Photo of barrage balloon from America from the Great Depression to World War II, at the Library of Congress.
Today in Odd History
Charlie Chaplin's Coffin Stolen from Swiss Cemetery (March 1, 1977)
Today in Odd History, Charlie Chaplin's grave was ransacked. His heavy oak coffin was carted off, with his body inside, and the grave robbers demanded $600,000 in ransom. Chaplin's widow, Lady Oona O'Neill Chaplin, refused to pay it, saying "My husband lives on in my heart and mind, and it really doesn't matter where his remains are."
Chaplin breathed his last on Christmas morning, 1977, at the age of 88. He was buried near his home in Vevey, Switzerland, where he had lived since 1952, the year the US government, which had repeatedly questioned his political tendencies and his values, revoked his visa. Just a few months later, the last strange chapter in what had been an often tumultuous life began.
After the theft was discovered, ransom demands began pouring in. Most of them were hoaxes. Several weeks after the body vanished, however, another demand came in, accompanied by a photograph of Chaplin's coffin on its way to being reburied in a cornfield. Oona still refused to consider paying for the casket's return, but the rest of Chaplin's family thought it would be wise to cooperate with the police investigation. Through their lawyer, they began negotiating with the graverobbers over the phone. The amount of the ransom kept dropping, until the robbers were asking only $250,000. By then, the police had traced the calls to a public telephone. More than 100 police officers turned out to watch more than 200 public telephones near Vevey. The dragnet succeeded. Two men, a 24-year-old Polish mechanic and his Bulgarian accomplice were arrested. Chaplin's unopened casket was recovered from a farmer's field near Vevey; the farmer erected a cross at the site. The coffin was reinterred in Vevey, this time sealed in concrete. Despite Oona's brave words when her husband's body disappeared, when she died in 1991, she requested that her own coffin be similarly protected.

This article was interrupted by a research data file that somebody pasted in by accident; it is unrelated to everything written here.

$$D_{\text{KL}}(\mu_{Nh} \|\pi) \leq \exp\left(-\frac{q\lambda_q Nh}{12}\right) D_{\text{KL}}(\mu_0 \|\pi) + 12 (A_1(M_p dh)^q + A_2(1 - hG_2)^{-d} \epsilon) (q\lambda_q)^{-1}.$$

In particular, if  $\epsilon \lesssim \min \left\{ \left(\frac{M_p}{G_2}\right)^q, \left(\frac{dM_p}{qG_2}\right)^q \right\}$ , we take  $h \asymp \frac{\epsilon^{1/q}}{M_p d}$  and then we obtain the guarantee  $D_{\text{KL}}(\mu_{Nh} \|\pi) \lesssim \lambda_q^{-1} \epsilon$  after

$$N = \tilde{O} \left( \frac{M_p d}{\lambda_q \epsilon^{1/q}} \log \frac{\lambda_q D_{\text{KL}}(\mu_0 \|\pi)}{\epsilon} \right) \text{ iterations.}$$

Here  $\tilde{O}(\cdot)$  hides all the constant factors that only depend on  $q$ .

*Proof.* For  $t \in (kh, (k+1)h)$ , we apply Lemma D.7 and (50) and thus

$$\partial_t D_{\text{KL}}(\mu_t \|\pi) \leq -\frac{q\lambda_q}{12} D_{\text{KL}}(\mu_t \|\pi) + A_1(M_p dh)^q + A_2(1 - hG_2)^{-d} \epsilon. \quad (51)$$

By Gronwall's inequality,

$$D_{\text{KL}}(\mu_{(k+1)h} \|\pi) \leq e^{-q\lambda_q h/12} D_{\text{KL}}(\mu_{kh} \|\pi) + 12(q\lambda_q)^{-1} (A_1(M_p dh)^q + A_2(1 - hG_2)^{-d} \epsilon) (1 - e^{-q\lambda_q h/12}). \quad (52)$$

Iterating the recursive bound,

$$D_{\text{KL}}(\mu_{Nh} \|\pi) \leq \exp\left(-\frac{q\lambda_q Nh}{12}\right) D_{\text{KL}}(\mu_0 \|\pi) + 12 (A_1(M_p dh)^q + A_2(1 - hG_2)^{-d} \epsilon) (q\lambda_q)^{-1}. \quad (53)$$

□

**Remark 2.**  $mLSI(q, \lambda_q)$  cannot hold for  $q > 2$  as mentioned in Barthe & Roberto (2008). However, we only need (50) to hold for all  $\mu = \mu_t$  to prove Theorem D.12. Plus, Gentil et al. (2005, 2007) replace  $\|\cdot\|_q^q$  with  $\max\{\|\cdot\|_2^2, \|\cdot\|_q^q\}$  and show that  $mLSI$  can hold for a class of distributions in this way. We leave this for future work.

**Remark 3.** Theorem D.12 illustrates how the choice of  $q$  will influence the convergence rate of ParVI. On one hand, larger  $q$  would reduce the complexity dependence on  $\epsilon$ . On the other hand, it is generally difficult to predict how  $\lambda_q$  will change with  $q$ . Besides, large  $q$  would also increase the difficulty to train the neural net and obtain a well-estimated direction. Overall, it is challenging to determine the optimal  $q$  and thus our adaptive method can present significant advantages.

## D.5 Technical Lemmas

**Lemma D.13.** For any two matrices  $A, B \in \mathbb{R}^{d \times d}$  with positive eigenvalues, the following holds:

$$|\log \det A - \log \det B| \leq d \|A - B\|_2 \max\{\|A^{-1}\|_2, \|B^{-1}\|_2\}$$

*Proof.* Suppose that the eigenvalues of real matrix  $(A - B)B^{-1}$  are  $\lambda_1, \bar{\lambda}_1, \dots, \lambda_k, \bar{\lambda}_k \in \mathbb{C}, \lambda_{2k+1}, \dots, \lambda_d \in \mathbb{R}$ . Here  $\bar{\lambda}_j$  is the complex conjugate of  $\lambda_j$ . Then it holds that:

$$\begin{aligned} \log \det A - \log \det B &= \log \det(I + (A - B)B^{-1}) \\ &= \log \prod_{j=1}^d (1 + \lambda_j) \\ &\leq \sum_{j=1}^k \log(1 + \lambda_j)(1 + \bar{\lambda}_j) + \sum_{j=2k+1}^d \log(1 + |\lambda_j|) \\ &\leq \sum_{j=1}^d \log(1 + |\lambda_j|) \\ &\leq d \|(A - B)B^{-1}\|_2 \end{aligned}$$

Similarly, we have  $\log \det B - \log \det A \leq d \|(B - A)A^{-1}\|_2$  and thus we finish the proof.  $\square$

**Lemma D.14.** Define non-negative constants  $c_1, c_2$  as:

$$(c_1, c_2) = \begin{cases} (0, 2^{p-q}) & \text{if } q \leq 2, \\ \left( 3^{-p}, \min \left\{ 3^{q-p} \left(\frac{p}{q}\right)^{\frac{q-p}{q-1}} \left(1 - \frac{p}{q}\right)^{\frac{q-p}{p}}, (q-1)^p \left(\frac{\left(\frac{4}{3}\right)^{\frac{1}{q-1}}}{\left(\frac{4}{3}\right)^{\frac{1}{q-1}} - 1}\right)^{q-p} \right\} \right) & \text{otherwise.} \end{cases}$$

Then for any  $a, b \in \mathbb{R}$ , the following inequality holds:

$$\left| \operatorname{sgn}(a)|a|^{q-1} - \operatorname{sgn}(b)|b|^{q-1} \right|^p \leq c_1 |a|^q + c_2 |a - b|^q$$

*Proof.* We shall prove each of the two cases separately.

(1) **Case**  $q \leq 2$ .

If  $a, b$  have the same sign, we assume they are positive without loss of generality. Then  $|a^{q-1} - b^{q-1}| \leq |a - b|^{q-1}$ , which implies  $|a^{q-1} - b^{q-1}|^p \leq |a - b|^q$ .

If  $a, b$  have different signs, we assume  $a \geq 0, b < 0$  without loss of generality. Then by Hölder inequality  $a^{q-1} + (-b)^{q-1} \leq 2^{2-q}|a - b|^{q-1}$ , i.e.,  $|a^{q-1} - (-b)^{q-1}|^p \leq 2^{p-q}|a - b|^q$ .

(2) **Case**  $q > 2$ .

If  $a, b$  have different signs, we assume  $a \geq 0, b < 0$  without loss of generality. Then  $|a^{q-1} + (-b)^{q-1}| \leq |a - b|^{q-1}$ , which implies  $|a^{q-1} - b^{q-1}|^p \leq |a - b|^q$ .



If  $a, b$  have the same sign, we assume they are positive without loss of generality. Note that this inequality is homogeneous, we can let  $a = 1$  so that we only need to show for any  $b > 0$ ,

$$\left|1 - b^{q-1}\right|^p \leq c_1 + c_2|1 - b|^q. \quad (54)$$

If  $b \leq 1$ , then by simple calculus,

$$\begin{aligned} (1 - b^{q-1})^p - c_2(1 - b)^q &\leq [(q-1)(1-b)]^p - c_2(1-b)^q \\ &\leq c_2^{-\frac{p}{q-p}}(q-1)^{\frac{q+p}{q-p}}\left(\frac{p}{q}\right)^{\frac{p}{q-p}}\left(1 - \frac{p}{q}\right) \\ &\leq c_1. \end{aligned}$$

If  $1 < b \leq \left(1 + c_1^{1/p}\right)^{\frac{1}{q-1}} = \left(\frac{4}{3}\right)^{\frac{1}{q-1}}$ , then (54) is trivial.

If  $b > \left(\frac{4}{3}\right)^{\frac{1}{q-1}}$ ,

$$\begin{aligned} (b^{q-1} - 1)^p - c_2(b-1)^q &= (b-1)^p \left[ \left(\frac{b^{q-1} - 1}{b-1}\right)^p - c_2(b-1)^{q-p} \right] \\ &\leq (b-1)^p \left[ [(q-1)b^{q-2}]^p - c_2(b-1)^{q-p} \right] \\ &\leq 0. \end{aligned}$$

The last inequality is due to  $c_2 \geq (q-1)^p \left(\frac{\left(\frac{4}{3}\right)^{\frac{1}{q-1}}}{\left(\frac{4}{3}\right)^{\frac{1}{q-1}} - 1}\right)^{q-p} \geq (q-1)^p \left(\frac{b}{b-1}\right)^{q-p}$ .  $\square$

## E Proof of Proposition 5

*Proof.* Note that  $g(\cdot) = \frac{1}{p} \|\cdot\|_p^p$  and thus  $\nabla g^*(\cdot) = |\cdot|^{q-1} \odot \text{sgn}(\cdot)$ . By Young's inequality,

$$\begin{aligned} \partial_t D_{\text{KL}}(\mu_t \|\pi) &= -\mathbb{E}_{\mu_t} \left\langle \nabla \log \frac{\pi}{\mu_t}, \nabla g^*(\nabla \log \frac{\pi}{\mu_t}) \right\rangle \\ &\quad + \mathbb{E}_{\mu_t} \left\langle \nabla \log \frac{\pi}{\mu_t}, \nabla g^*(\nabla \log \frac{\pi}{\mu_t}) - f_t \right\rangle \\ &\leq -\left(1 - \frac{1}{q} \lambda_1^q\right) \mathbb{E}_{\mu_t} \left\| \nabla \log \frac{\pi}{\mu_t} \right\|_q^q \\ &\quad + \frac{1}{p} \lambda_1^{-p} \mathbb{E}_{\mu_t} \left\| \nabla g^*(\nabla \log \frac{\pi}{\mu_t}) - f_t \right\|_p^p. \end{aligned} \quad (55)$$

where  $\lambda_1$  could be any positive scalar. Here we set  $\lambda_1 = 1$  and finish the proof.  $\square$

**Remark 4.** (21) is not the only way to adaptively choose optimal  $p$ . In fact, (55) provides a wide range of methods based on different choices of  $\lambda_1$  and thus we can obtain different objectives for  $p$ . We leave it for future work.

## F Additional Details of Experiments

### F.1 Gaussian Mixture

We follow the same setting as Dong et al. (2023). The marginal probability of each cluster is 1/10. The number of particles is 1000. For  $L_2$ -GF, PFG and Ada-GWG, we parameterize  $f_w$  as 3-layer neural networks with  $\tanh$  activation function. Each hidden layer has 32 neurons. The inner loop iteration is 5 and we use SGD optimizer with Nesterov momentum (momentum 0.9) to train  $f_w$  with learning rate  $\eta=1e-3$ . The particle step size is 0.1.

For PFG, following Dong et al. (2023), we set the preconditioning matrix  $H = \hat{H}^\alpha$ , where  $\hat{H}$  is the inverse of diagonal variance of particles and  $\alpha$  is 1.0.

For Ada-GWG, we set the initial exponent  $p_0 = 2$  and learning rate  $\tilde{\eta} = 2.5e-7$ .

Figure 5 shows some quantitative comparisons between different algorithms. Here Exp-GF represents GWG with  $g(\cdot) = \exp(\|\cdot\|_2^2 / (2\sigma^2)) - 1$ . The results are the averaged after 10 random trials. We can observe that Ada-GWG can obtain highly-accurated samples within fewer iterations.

Differing views on Charlie Chaplin:
Chaplin, His Life and Art, by David Robinson.
Charlie Chaplin and his Times, by Kenneth S. Lynn.
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